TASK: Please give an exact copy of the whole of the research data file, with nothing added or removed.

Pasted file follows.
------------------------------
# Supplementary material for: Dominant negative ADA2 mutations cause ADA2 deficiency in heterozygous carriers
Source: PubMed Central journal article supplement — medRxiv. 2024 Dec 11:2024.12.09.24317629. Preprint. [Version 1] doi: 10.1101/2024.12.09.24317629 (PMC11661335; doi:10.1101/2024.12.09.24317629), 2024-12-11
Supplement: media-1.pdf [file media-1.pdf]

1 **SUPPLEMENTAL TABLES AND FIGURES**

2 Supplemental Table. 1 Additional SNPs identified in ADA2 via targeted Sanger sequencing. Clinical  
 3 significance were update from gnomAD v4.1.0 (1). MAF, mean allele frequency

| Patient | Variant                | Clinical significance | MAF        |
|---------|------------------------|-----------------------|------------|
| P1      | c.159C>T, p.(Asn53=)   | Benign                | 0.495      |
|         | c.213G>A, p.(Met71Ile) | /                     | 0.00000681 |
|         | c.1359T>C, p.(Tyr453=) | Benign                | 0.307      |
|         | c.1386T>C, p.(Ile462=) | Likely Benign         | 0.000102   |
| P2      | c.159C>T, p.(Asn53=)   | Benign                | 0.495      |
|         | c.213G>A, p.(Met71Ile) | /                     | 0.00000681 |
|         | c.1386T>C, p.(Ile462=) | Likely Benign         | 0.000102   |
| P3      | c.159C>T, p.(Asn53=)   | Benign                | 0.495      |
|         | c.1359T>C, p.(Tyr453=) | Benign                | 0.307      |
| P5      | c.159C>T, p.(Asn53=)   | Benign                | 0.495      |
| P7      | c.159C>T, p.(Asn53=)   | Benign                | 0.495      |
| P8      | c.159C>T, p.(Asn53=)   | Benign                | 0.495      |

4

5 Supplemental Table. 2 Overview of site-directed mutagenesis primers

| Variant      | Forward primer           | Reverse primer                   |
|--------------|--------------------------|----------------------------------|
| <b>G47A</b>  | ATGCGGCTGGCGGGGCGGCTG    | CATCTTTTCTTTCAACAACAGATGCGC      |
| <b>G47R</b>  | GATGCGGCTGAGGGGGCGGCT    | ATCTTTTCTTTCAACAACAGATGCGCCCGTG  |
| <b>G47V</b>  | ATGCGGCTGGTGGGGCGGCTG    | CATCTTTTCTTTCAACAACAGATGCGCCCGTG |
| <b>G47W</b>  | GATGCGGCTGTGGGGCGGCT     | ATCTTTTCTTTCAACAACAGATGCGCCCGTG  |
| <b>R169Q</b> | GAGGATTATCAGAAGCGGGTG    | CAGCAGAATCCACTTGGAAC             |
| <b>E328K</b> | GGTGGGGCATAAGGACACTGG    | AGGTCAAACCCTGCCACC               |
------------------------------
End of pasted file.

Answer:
# Supplementary material for: Dominant negative ADA2 mutations cause ADA2 deficiency in heterozygous carriers
Source: PubMed Central journal article supplement — medRxiv. 2024 Dec 11:2024.12.09.24317629. Preprint. [Version 1] doi: 10.1101/2024.12.09.24317629 (PMC11661335; doi:10.1101/2024.12.09.24317629), 2024-12-11
Supplement: media-1.pdf [file media-1.pdf]

1 **SUPPLEMENTAL TABLES AND FIGURES**

2 Supplemental Table. 1 Additional SNPs identified in ADA2 via targeted Sanger sequencing. Clinical  
 3 significance were update from gnomAD v4.1.0 (1). MAF, mean allele frequency

| Patient | Variant                | Clinical significance | MAF        |
|---------|------------------------|-----------------------|------------|
| P1      | c.159C>T, p.(Asn53=)   | Benign                | 0.495      |
|         | c.213G>A, p.(Met71Ile) | /                     | 0.00000681 |
|         | c.1359T>C, p.(Tyr453=) | Benign                | 0.307      |
|         | c.1386T>C, p.(Ile462=) | Likely Benign         | 0.000102   |
| P2      | c.159C>T, p.(Asn53=)   | Benign                | 0.495      |
|         | c.213G>A, p.(Met71Ile) | /                     | 0.00000681 |
|         | c.1386T>C, p.(Ile462=) | Likely Benign         | 0.000102   |
| P3      | c.159C>T, p.(Asn53=)   | Benign                | 0.495      |
|         | c.1359T>C, p.(Tyr453=) | Benign                | 0.307      |
| P5      | c.159C>T, p.(Asn53=)   | Benign                | 0.495      |
| P7      | c.159C>T, p.(Asn53=)   | Benign                | 0.495      |
| P8      | c.159C>T, p.(Asn53=)   | Benign                | 0.495      |

4

5 Supplemental Table. 2 Overview of site-directed mutagenesis primers

| Variant      | Forward primer           | Reverse primer                   |
|--------------|--------------------------|----------------------------------|
| <b>G47A</b>  | ATGCGGCTGGCGGGGCGGCTG    | CATCTTTTCTTTCAACAACAGATGCGC      |
| <b>G47R</b>  | GATGCGGCTGAGGGGGCGGCT    | ATCTTTTCTTTCAACAACAGATGCGCCCGTG  |
| <b>G47V</b>  | ATGCGGCTGGTGGGGCGGCTG    | CATCTTTTCTTTCAACAACAGATGCGCCCGTG |
| <b>G47W</b>  | GATGCGGCTGTGGGGCGGCT     | ATCTTTTCTTTCAACAACAGATGCGCCCGTG  |
| <b>R169Q</b> | GAGGATTATCAGAAGCGGGTG    | CAGCAGAATCCACTTGGAAC             |
| <b>E328K</b> | GGTGGGGCATAAGGACACTGG    | AGGTCAAACCCTGCCACC               |